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late 14c., banischen, from banniss-, extended stem of Old French banir "announce, proclaim; levy; forbid; banish, proclaim an outlaw," from a Germanic source (perhaps Frankish *bannjan "to order or prohibit under penalty"), or from Vulgar Latin cognate *bannire (see bandit). Related: Banished; banishing.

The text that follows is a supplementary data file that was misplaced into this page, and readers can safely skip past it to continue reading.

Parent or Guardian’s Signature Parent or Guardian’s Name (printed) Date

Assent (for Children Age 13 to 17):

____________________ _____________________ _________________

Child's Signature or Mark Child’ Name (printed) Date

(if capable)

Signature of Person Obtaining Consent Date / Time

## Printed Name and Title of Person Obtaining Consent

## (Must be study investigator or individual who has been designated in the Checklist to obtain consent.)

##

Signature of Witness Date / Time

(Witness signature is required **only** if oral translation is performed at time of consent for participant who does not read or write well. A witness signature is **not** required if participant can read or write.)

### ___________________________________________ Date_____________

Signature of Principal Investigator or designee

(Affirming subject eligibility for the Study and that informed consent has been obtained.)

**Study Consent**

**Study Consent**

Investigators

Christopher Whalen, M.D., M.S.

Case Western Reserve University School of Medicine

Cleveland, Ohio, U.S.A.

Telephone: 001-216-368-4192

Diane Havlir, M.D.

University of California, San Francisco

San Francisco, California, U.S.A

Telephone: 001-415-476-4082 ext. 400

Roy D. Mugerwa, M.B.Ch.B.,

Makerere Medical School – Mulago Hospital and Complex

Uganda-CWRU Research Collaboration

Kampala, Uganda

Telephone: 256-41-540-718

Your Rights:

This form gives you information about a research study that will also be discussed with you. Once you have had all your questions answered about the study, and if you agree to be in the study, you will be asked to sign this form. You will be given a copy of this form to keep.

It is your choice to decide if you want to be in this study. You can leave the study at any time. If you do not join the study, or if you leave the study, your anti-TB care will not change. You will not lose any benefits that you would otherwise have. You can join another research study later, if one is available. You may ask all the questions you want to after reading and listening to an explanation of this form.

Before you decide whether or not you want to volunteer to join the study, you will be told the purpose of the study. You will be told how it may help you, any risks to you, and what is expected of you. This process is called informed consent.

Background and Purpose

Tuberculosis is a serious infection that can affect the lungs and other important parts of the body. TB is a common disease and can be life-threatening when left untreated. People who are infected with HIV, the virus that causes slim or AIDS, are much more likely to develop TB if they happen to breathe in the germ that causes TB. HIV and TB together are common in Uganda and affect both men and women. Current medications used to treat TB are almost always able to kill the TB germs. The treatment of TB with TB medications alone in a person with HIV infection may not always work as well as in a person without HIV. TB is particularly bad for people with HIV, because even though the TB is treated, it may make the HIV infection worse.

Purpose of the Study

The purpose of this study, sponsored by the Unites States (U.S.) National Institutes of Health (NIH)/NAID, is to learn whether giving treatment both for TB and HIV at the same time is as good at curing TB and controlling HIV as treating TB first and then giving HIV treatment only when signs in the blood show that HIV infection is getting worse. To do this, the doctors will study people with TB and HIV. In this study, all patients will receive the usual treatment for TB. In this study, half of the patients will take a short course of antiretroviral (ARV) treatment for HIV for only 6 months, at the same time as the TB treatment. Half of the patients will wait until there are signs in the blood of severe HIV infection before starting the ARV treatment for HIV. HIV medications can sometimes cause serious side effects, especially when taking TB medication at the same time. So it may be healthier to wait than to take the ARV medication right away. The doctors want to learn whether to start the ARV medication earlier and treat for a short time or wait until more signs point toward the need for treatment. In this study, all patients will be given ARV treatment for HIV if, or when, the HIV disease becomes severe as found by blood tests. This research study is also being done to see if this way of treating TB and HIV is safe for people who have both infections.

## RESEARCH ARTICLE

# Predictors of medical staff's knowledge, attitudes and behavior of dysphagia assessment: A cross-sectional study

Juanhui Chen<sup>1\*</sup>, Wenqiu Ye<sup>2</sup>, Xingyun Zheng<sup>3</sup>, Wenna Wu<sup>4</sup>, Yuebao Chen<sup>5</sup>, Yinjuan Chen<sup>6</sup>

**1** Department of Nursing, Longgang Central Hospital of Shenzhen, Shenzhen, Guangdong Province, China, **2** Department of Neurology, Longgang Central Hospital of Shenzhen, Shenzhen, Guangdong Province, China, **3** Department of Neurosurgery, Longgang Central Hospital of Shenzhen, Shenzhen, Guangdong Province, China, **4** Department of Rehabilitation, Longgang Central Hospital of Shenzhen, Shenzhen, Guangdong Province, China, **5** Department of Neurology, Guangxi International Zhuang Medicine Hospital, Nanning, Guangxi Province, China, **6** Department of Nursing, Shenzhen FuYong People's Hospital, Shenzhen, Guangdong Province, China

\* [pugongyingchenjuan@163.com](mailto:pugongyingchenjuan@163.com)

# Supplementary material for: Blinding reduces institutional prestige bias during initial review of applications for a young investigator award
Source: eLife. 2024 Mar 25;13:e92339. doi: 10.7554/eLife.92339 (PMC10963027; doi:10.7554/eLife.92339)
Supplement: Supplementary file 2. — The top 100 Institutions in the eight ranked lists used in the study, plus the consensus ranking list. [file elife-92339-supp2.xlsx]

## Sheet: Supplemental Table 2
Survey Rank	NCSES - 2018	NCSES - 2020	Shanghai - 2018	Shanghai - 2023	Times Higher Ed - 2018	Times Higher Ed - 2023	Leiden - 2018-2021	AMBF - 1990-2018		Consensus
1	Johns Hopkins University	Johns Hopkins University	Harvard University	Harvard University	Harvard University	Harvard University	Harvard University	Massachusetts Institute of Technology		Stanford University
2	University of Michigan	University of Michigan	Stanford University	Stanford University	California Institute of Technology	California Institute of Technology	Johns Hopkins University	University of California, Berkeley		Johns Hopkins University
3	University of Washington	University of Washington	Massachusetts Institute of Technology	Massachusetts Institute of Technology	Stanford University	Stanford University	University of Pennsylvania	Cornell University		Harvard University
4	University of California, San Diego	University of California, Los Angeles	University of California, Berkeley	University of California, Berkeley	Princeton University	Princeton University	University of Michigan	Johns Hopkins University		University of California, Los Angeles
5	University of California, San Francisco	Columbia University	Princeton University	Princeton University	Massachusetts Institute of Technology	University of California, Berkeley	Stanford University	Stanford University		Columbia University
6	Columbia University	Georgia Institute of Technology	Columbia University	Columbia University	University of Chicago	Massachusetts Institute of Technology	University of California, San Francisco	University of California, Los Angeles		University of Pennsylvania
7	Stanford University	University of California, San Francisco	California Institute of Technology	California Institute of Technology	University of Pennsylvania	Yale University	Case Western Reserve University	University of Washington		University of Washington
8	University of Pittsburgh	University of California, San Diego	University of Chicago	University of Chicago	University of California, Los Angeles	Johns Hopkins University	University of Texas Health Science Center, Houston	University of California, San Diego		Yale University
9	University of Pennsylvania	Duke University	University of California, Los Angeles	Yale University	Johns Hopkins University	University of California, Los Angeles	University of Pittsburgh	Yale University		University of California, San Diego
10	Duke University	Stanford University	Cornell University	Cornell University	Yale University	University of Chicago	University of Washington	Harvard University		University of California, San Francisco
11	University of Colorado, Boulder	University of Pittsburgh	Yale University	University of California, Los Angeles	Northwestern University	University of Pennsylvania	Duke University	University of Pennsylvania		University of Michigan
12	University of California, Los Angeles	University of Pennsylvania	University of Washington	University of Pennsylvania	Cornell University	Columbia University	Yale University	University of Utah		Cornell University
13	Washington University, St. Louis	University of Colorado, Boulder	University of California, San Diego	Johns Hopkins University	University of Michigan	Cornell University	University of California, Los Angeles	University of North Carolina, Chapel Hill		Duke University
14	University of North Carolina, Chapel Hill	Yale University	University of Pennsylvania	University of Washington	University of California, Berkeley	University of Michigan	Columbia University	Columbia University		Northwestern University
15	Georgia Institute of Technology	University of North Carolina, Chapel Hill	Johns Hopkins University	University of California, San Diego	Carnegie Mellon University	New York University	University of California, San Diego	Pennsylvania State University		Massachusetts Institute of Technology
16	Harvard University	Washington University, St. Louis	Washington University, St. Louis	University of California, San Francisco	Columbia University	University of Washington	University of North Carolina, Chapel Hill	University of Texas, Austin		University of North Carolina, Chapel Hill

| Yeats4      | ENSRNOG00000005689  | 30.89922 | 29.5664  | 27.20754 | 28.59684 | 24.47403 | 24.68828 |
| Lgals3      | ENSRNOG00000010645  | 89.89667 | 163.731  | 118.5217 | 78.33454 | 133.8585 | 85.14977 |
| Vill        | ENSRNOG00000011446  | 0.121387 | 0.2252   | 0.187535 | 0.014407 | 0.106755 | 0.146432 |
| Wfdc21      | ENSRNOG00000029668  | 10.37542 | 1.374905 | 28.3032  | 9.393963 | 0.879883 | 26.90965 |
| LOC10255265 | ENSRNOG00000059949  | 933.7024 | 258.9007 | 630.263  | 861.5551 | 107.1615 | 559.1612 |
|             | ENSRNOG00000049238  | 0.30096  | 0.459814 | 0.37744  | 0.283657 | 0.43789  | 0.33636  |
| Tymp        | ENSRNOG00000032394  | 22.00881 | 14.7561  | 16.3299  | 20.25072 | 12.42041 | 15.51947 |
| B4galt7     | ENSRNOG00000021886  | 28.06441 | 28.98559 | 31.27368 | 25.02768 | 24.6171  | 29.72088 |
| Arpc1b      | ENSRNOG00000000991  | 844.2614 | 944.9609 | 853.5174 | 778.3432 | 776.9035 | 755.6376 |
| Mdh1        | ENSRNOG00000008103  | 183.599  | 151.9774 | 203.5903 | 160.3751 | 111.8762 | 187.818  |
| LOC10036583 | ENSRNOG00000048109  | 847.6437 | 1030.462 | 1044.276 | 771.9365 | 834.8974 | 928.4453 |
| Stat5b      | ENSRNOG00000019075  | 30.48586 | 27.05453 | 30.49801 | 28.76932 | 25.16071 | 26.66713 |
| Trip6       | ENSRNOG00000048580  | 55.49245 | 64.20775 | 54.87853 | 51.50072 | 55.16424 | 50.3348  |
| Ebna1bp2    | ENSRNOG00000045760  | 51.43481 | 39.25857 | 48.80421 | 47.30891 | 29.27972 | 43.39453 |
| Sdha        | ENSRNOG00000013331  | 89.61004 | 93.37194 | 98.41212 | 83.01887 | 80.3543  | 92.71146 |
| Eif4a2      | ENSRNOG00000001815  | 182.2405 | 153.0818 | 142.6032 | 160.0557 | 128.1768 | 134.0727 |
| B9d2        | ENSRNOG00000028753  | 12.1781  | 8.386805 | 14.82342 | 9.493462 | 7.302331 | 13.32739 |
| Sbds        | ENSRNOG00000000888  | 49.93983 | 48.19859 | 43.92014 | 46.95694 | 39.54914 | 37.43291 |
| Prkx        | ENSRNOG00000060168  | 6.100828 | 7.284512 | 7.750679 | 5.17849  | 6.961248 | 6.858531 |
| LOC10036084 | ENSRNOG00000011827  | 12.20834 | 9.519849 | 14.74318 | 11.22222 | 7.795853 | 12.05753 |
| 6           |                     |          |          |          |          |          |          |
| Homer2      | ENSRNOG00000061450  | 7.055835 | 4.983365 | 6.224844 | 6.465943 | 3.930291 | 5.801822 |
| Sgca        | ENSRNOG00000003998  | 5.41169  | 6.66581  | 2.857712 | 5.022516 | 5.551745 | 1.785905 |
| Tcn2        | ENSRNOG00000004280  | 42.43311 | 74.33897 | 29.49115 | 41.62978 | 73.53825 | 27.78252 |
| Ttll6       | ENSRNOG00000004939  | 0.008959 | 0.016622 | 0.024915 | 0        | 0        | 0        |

prolonged absence from one's country imposed by vested authority as a punitive measure. It most likely originated among early civilizations from the practice of designating an offender an outcast and depriving him of the comfort and protection of his group. Exile was practiced by the Greeks chiefly in cases of homicide, although ostracism was a form of exile imposed for political reasons. In Rome, exile (exsilium) arose as a means of circumventing the death penalty (see capital punishment). Before a death sentence was pronounced, a Roman citizen could escape by voluntary exile. Later, degrees of exile were introduced, including temporary or permanent exile, exile with or without loss of citizenship, and exile with or without confiscation of property. The Romans generally determined punishment by class, applying sentences of banishment to the upper classes and sentences of forced labour to the lower classes.